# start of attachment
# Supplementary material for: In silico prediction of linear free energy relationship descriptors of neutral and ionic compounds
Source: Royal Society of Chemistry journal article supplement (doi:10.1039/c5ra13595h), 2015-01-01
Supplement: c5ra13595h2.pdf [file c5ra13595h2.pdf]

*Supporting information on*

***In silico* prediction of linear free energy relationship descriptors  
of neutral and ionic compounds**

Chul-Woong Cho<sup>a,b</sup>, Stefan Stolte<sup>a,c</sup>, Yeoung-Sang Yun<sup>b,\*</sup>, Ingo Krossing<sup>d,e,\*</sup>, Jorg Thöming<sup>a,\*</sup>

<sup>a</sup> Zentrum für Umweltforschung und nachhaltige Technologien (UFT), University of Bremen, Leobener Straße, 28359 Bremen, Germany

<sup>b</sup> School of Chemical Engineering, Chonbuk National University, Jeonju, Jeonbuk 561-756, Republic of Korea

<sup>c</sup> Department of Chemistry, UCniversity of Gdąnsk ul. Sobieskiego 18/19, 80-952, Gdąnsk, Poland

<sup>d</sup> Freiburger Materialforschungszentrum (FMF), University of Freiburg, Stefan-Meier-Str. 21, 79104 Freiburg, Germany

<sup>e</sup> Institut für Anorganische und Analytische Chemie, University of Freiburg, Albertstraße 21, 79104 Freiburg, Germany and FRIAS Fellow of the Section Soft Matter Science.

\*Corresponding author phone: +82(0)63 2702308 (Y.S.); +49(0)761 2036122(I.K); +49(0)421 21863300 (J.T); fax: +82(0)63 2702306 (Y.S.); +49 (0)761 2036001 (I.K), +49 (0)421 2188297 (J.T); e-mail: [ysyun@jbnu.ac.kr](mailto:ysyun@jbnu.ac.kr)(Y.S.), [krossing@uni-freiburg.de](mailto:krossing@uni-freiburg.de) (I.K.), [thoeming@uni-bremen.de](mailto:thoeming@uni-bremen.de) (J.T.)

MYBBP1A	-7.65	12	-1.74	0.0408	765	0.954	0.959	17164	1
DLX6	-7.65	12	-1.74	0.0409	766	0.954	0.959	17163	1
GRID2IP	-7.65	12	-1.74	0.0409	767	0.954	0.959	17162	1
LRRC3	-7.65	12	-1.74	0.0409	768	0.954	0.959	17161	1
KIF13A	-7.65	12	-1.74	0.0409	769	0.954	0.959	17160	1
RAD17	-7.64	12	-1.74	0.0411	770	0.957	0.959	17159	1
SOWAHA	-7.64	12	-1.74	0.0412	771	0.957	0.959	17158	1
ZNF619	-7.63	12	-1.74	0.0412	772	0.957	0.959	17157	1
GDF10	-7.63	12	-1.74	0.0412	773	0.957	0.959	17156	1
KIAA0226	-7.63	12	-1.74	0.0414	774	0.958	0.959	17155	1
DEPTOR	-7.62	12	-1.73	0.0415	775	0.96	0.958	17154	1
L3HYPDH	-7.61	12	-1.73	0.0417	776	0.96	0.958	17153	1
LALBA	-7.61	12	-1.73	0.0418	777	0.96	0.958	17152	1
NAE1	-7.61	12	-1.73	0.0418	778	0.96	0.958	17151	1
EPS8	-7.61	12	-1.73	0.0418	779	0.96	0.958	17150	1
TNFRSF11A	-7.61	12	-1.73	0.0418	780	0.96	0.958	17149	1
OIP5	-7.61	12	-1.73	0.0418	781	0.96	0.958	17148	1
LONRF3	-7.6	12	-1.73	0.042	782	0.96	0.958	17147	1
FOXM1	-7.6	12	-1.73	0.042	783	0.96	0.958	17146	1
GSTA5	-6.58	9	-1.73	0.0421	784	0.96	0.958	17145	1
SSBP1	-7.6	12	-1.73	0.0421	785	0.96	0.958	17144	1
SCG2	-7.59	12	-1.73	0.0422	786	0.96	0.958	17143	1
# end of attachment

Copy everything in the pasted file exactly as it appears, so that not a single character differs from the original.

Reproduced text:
# Supplementary material for: In silico prediction of linear free energy relationship descriptors of neutral and ionic compounds
Source: Royal Society of Chemistry journal article supplement (doi:10.1039/c5ra13595h), 2015-01-01
Supplement: c5ra13595h2.pdf [file c5ra13595h2.pdf]

*Supporting information on*

***In silico* prediction of linear free energy relationship descriptors  
of neutral and ionic compounds**

Chul-Woong Cho<sup>a,b</sup>, Stefan Stolte<sup>a,c</sup>, Yeoung-Sang Yun<sup>b,\*</sup>, Ingo Krossing<sup>d,e,\*</sup>, Jorg Thöming<sup>a,\*</sup>

<sup>a</sup> Zentrum für Umweltforschung und nachhaltige Technologien (UFT), University of Bremen, Leobener Straße, 28359 Bremen, Germany

<sup>b</sup> School of Chemical Engineering, Chonbuk National University, Jeonju, Jeonbuk 561-756, Republic of Korea

<sup>c</sup> Department of Chemistry, UCniversity of Gdąnsk ul. Sobieskiego 18/19, 80-952, Gdąnsk, Poland

<sup>d</sup> Freiburger Materialforschungszentrum (FMF), University of Freiburg, Stefan-Meier-Str. 21, 79104 Freiburg, Germany

<sup>e</sup> Institut für Anorganische und Analytische Chemie, University of Freiburg, Albertstraße 21, 79104 Freiburg, Germany and FRIAS Fellow of the Section Soft Matter Science.

\*Corresponding author phone: +82(0)63 2702308 (Y.S.); +49(0)761 2036122(I.K); +49(0)421 21863300 (J.T); fax: +82(0)63 2702306 (Y.S.); +49 (0)761 2036001 (I.K), +49 (0)421 2188297 (J.T); e-mail: [ysyun@jbnu.ac.kr](mailto:ysyun@jbnu.ac.kr)(Y.S.), [krossing@uni-freiburg.de](mailto:krossing@uni-freiburg.de) (I.K.), [thoeming@uni-bremen.de](mailto:thoeming@uni-bremen.de) (J.T.)

MYBBP1A	-7.65	12	-1.74	0.0408	765	0.954	0.959	17164	1
DLX6	-7.65	12	-1.74	0.0409	766	0.954	0.959	17163	1
GRID2IP	-7.65	12	-1.74	0.0409	767	0.954	0.959	17162	1
LRRC3	-7.65	12	-1.74	0.0409	768	0.954	0.959	17161	1
KIF13A	-7.65	12	-1.74	0.0409	769	0.954	0.959	17160	1
RAD17	-7.64	12	-1.74	0.0411	770	0.957	0.959	17159	1
SOWAHA	-7.64	12	-1.74	0.0412	771	0.957	0.959	17158	1
ZNF619	-7.63	12	-1.74	0.0412	772	0.957	0.959	17157	1
GDF10	-7.63	12	-1.74	0.0412	773	0.957	0.959	17156	1
KIAA0226	-7.63	12	-1.74	0.0414	774	0.958	0.959	17155	1
DEPTOR	-7.62	12	-1.73	0.0415	775	0.96	0.958	17154	1
L3HYPDH	-7.61	12	-1.73	0.0417	776	0.96	0.958	17153	1
LALBA	-7.61	12	-1.73	0.0418	777	0.96	0.958	17152	1
NAE1	-7.61	12	-1.73	0.0418	778	0.96	0.958	17151	1
EPS8	-7.61	12	-1.73	0.0418	779	0.96	0.958	17150	1
TNFRSF11A	-7.61	12	-1.73	0.0418	780	0.96	0.958	17149	1
OIP5	-7.61	12	-1.73	0.0418	781	0.96	0.958	17148	1
LONRF3	-7.6	12	-1.73	0.042	782	0.96	0.958	17147	1
FOXM1	-7.6	12	-1.73	0.042	783	0.96	0.958	17146	1
GSTA5	-6.58	9	-1.73	0.0421	784	0.96	0.958	17145	1
SSBP1	-7.6	12	-1.73	0.0421	785	0.96	0.958	17144	1
SCG2	-7.59	12	-1.73	0.0422	786	0.96	0.958	17143	1